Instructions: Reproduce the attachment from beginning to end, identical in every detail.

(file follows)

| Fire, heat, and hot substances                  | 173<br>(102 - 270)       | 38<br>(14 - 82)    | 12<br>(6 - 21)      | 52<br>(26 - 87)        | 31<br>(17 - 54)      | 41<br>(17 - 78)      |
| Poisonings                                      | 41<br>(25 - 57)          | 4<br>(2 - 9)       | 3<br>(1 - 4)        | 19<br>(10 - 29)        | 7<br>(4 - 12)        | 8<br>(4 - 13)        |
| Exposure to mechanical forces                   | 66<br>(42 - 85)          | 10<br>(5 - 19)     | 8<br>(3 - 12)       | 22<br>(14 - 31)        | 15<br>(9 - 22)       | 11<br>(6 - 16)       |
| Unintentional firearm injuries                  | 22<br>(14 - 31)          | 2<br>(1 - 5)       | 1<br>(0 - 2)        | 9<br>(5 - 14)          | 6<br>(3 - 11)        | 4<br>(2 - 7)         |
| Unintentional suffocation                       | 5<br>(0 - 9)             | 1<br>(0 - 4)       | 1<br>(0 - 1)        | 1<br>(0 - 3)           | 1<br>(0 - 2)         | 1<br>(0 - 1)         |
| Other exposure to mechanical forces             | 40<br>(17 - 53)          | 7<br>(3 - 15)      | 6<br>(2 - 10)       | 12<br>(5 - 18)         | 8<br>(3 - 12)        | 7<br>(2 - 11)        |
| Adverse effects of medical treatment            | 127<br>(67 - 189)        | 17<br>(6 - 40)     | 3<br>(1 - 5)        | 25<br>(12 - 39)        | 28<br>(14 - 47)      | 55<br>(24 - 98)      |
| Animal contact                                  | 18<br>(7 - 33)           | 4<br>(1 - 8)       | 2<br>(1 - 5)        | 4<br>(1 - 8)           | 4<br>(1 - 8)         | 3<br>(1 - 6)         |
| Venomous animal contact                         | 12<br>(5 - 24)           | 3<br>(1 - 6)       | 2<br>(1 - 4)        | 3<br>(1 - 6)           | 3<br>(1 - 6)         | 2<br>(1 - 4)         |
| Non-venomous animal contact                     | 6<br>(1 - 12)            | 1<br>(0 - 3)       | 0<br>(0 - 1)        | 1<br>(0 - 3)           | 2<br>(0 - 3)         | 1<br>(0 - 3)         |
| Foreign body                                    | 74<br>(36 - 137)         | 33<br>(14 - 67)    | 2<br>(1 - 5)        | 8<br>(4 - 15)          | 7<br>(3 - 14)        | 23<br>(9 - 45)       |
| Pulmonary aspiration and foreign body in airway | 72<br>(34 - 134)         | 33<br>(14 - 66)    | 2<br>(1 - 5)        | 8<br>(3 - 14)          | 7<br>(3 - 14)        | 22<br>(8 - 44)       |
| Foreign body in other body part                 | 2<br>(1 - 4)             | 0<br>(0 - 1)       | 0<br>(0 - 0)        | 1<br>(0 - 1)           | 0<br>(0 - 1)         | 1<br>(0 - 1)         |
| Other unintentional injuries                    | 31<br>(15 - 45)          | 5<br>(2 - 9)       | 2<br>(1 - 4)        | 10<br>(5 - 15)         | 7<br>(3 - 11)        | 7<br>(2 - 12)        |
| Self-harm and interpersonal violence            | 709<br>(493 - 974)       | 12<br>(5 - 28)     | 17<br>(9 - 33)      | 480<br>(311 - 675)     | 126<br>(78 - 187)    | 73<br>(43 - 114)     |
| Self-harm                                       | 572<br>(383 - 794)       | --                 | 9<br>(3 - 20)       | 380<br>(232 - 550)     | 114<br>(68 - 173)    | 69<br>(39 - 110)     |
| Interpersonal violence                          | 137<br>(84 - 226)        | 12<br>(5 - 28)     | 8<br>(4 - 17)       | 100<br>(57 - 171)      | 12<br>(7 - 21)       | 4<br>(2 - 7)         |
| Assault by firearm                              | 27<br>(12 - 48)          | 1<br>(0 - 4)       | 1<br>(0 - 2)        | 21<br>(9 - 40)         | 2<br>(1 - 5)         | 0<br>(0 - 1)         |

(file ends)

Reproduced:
| Fire, heat, and hot substances                  | 173<br>(102 - 270)       | 38<br>(14 - 82)    | 12<br>(6 - 21)      | 52<br>(26 - 87)        | 31<br>(17 - 54)      | 41<br>(17 - 78)      |
| Poisonings                                      | 41<br>(25 - 57)          | 4<br>(2 - 9)       | 3<br>(1 - 4)        | 19<br>(10 - 29)        | 7<br>(4 - 12)        | 8<br>(4 - 13)        |
| Exposure to mechanical forces                   | 66<br>(42 - 85)          | 10<br>(5 - 19)     | 8<br>(3 - 12)       | 22<br>(14 - 31)        | 15<br>(9 - 22)       | 11<br>(6 - 16)       |
| Unintentional firearm injuries                  | 22<br>(14 - 31)          | 2<br>(1 - 5)       | 1<br>(0 - 2)        | 9<br>(5 - 14)          | 6<br>(3 - 11)        | 4<br>(2 - 7)         |
| Unintentional suffocation                       | 5<br>(0 - 9)             | 1<br>(0 - 4)       | 1<br>(0 - 1)        | 1<br>(0 - 3)           | 1<br>(0 - 2)         | 1<br>(0 - 1)         |
| Other exposure to mechanical forces             | 40<br>(17 - 53)          | 7<br>(3 - 15)      | 6<br>(2 - 10)       | 12<br>(5 - 18)         | 8<br>(3 - 12)        | 7<br>(2 - 11)        |
| Adverse effects of medical treatment            | 127<br>(67 - 189)        | 17<br>(6 - 40)     | 3<br>(1 - 5)        | 25<br>(12 - 39)        | 28<br>(14 - 47)      | 55<br>(24 - 98)      |
| Animal contact                                  | 18<br>(7 - 33)           | 4<br>(1 - 8)       | 2<br>(1 - 5)        | 4<br>(1 - 8)           | 4<br>(1 - 8)         | 3<br>(1 - 6)         |
| Venomous animal contact                         | 12<br>(5 - 24)           | 3<br>(1 - 6)       | 2<br>(1 - 4)        | 3<br>(1 - 6)           | 3<br>(1 - 6)         | 2<br>(1 - 4)         |
| Non-venomous animal contact                     | 6<br>(1 - 12)            | 1<br>(0 - 3)       | 0<br>(0 - 1)        | 1<br>(0 - 3)           | 2<br>(0 - 3)         | 1<br>(0 - 3)         |
| Foreign body                                    | 74<br>(36 - 137)         | 33<br>(14 - 67)    | 2<br>(1 - 5)        | 8<br>(4 - 15)          | 7<br>(3 - 14)        | 23<br>(9 - 45)       |
| Pulmonary aspiration and foreign body in airway | 72<br>(34 - 134)         | 33<br>(14 - 66)    | 2<br>(1 - 5)        | 8<br>(3 - 14)          | 7<br>(3 - 14)        | 22<br>(8 - 44)       |
| Foreign body in other body part                 | 2<br>(1 - 4)             | 0<br>(0 - 1)       | 0<br>(0 - 0)        | 1<br>(0 - 1)           | 0<br>(0 - 1)         | 1<br>(0 - 1)         |
| Other unintentional injuries                    | 31<br>(15 - 45)          | 5<br>(2 - 9)       | 2<br>(1 - 4)        | 10<br>(5 - 15)         | 7<br>(3 - 11)        | 7<br>(2 - 12)        |
| Self-harm and interpersonal violence            | 709<br>(493 - 974)       | 12<br>(5 - 28)     | 17<br>(9 - 33)      | 480<br>(311 - 675)     | 126<br>(78 - 187)    | 73<br>(43 - 114)     |
| Self-harm                                       | 572<br>(383 - 794)       | --                 | 9<br>(3 - 20)       | 380<br>(232 - 550)     | 114<br>(68 - 173)    | 69<br>(39 - 110)     |
| Interpersonal violence                          | 137<br>(84 - 226)        | 12<br>(5 - 28)     | 8<br>(4 - 17)       | 100<br>(57 - 171)      | 12<br>(7 - 21)       | 4<br>(2 - 7)         |
| Assault by firearm                              | 27<br>(12 - 48)          | 1<br>(0 - 4)       | 1<br>(0 - 2)        | 21<br>(9 - 40)         | 2<br>(1 - 5)         | 0<br>(0 - 1)         |